By Jonny Lupsha, Wondrium Staff Writer
Focusing on sleep by using sleep trackers could be exacerbating problems, NPR reported. Worrying about adhering to proper sleep schedules with wearable tech is a problem all its own. Proper sleep hygiene could help.
According to NPR, the popularity of wearable sleep trackers has caused an unexpected side effect. While these wristbands, necklaces, and other gadgets track and transmit data about our sleeping habits to our smartphones for our own review, that data is often interpreted as a “sleep score.” However, that data may be leading to an unhealthy obsession over getting enough hours of sleep or ensuring that we doze off and wake up in a certain time frame.
“In an irony of our digital lifestyles, for some people, perfecting that sleep score becomes an end unto itself—so much so that they can lose sleep over it,” the article said. If sleep trackers are hindering your sleep schedule instead of helping it, there are methods to provide a course correction for catching your ZZZ’s.
Principles of Sleep Hygiene
While several pharmaceutical options exist for getting sleep, Americans are becoming understandably wary of taking drugs for everything. This is where sleep hygiene comes in.
“Good sleep hygiene involves simple and straightforward common sense practices that are good for everyone,” said Dr. H. Craig Heller, the Lorry I. Lokey/Business Wire Professor of Biological Sciences and Human Biology at Stanford University. “But it’s important to follow these practices religiously and not just when it is convenient. An important advantage is that you don’t even need a physician for these practices.”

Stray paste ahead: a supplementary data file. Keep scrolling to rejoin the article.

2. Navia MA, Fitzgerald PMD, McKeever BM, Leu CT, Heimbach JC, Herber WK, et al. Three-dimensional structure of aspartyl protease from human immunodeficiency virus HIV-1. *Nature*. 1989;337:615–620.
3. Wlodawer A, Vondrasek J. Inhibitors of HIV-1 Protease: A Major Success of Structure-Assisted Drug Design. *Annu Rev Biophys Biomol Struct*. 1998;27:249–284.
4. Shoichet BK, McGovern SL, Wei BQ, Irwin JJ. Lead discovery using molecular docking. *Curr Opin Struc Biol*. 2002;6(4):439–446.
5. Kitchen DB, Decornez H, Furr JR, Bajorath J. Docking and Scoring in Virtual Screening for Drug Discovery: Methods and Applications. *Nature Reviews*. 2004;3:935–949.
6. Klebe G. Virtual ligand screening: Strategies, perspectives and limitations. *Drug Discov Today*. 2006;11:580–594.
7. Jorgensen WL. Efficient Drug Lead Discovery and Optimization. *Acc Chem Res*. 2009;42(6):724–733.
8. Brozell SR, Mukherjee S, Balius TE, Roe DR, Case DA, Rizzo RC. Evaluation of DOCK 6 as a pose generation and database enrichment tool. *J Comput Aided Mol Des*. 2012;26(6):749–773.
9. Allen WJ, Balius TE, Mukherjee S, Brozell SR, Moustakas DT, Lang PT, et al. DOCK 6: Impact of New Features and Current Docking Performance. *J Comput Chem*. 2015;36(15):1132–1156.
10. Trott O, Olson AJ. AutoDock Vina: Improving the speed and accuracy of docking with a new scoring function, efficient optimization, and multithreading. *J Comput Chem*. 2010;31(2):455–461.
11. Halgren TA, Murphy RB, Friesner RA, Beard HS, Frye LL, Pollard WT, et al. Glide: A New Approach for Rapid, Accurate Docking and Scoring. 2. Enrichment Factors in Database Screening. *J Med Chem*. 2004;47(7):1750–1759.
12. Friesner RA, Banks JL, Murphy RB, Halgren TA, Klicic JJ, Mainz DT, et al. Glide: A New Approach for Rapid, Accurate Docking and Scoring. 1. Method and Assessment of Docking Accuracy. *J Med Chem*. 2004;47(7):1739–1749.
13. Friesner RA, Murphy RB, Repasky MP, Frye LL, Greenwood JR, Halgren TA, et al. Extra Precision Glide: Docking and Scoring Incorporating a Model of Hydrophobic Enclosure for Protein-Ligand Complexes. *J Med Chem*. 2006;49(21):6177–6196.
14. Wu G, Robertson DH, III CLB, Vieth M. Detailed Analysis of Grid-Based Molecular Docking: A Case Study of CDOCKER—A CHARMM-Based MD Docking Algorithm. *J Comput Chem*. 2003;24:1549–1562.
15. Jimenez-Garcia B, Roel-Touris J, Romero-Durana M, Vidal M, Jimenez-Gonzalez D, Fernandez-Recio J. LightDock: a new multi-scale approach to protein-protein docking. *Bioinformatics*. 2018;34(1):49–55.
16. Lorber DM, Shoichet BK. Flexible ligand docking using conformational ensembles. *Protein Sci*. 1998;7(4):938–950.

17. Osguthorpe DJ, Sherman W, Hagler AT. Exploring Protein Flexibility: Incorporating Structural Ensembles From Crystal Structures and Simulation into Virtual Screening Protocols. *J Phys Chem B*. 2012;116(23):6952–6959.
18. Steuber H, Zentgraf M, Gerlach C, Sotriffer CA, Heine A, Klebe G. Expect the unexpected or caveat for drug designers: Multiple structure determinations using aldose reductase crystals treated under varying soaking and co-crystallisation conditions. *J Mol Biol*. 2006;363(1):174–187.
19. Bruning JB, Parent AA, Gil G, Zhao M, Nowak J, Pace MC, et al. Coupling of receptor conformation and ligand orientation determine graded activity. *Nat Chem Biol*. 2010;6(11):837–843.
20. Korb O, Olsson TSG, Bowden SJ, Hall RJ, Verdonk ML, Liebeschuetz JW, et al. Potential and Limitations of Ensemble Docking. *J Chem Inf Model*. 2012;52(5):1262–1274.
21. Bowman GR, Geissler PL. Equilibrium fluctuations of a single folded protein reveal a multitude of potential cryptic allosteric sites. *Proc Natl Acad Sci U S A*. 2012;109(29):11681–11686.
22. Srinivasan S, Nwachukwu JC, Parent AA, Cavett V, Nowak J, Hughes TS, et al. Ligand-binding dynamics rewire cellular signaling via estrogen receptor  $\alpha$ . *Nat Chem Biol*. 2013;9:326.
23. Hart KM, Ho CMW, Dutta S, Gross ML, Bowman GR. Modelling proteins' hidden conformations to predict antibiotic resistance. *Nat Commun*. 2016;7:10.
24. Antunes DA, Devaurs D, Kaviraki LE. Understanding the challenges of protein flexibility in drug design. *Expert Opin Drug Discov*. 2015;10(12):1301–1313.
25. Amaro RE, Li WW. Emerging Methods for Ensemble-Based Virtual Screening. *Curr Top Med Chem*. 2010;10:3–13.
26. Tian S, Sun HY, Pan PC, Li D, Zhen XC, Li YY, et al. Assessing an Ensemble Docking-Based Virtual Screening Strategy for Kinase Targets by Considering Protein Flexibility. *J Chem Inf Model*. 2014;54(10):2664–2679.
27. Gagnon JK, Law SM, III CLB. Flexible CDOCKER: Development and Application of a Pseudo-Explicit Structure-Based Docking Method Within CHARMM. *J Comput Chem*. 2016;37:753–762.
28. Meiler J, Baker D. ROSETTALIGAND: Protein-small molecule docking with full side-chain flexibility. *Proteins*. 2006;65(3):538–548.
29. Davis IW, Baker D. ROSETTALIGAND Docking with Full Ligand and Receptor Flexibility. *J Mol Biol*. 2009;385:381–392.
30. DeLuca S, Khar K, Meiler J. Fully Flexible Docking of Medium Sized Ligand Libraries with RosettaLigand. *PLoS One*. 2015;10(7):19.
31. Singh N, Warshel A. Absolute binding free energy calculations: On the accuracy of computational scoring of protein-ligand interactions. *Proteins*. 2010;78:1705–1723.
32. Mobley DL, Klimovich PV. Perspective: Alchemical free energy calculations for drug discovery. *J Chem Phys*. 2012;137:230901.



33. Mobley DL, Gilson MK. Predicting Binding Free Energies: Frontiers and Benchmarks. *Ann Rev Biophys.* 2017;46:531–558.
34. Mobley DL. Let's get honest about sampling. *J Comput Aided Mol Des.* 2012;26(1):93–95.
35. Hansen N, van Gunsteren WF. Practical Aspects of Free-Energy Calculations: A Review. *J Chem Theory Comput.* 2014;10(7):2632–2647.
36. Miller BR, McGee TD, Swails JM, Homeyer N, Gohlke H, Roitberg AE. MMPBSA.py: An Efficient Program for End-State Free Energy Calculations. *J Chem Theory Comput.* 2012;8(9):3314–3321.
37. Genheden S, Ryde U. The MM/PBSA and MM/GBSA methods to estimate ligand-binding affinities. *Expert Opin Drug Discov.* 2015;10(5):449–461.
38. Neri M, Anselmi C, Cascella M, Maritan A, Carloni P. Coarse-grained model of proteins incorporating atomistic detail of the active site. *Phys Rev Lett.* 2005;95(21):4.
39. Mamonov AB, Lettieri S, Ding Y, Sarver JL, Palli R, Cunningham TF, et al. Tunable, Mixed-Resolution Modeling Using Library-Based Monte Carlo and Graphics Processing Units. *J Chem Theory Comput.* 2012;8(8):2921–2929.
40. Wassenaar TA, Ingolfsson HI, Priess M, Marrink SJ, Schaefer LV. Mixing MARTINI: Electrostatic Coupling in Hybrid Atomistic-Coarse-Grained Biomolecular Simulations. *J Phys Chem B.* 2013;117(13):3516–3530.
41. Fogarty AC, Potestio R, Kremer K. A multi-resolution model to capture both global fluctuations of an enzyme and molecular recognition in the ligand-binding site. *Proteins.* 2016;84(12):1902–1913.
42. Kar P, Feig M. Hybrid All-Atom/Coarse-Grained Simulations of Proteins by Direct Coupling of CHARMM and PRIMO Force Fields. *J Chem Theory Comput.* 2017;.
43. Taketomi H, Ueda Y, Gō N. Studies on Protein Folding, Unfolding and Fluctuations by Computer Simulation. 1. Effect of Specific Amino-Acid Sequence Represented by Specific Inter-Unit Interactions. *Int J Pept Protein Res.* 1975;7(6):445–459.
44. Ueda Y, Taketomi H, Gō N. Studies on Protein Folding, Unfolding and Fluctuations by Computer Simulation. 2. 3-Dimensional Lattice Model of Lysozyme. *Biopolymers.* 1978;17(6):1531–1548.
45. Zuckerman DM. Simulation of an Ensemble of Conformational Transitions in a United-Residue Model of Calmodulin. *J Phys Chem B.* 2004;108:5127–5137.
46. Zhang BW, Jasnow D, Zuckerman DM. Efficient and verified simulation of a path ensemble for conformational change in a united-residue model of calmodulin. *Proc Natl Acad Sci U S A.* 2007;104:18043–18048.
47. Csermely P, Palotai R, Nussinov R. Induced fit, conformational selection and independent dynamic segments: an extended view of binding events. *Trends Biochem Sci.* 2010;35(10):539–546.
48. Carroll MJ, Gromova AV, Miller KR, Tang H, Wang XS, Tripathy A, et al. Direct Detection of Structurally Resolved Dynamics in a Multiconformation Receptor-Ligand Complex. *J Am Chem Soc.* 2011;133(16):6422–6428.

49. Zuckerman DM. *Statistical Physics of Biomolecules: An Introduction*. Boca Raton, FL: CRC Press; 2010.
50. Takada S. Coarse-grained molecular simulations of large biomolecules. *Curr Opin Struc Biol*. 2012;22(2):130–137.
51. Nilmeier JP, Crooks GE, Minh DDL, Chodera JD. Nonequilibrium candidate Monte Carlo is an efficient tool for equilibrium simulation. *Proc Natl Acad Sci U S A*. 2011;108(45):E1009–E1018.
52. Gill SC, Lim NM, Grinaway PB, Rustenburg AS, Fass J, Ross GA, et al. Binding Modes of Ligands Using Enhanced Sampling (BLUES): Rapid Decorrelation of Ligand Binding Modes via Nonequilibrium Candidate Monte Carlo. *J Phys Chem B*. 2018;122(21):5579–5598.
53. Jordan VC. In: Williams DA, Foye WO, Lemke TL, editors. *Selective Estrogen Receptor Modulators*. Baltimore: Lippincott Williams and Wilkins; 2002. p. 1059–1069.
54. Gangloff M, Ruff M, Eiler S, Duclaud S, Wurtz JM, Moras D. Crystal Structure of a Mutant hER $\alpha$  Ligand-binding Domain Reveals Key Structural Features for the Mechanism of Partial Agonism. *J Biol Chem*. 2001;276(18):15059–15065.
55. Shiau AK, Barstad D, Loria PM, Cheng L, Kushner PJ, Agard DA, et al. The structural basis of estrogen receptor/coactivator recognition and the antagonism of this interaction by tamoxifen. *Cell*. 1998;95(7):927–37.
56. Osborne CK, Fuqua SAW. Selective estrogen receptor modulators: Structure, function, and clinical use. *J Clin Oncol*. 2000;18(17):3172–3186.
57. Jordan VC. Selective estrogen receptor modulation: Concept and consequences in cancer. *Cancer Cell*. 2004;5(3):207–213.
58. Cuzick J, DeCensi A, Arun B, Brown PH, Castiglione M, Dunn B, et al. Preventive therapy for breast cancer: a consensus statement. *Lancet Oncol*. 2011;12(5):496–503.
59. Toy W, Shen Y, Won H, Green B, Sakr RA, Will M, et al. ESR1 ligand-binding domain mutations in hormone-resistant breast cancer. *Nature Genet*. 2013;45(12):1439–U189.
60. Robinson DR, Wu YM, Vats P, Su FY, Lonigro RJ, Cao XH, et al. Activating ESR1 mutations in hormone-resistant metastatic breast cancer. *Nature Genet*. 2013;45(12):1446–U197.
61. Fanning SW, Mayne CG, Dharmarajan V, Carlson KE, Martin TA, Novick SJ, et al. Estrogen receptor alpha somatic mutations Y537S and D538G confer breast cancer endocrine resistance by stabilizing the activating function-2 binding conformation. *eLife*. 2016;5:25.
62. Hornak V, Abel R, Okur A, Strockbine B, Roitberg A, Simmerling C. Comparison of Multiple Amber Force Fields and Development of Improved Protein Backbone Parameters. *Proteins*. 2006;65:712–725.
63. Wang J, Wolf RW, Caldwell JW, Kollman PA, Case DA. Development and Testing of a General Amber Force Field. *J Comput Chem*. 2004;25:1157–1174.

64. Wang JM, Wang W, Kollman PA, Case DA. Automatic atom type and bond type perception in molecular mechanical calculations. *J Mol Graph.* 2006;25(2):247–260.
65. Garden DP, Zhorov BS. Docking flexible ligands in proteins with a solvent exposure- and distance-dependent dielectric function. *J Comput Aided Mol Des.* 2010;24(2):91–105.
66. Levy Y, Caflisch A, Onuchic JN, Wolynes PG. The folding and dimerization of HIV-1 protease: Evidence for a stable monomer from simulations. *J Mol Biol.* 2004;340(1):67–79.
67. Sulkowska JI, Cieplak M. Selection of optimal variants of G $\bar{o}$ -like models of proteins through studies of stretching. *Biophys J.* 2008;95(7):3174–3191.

Sleep hygiene has several principles, Dr. Heller said. The first is keeping a regular schedule of sleep and awakening every day, including weekends. Consistency will help train your body to at least expect sleep between certain hours.
Second, he said, don’t oversleep. Make sure that you only sleep as long as needed to feel rested. Also, a key practice is trying to associate bedtime with sleeping. Going hand in hand with this, the third principle is to avoid forcing yourself to start sleeping. If you start viewing sleep as a chore, it’s liable to increase your unease or anxiety about falling asleep “on-time.”
The fourth principle of sleep hygiene is to make sure your sleeping environment is healthy. Keep it quiet, comfortable, relaxing, and just the right temperature.
“Fifth are lifestyle issues that are also common sense,” Dr. Heller said. “Exercise regularly at least 20 minutes per day, do not consume caffeinated beverages from the mid-afternoon on. Most important, do not take your worries to bed with you.”
Practicing Sleep Hygiene
These five principles of good sleep hygiene may seem much easier said than done, but there is a simple way to implement them into your life.
“The first step is to set one end of the desired sleep schedule—time of awakening—and enforce that time even if you have to get five alarm clocks,” Dr. Heller said. “The second step is to wait until you feel sleepy to go to bed. As a result, you may not get enough sleep that first night to have good daytime alertness the next day, but that should result in your feeling sleepy a bit earlier the next night; and gradually, you will arrive at the optimal bedtime for a fixed schedule that leaves you alert and not sleepy all day long.”
These two steps should create a domino effect for the remaining principles of sleep hygiene. Sticking to a regular schedule, even if it means waking up tired the first several days, will help your body align being tired with your set bedtime. You won’t have to force yourself to sleep. If you pair this with a proper environment and common sense lifestyles, your sleep hygiene should improve quickly.
Dr. H. Craig Heller contributed to this article. Dr. Heller is the Lorry I. Lokey/Business Wire Professor of Biological Sciences and Human Biology at Stanford University. He earned his Ph.D. in Biology from Yale University.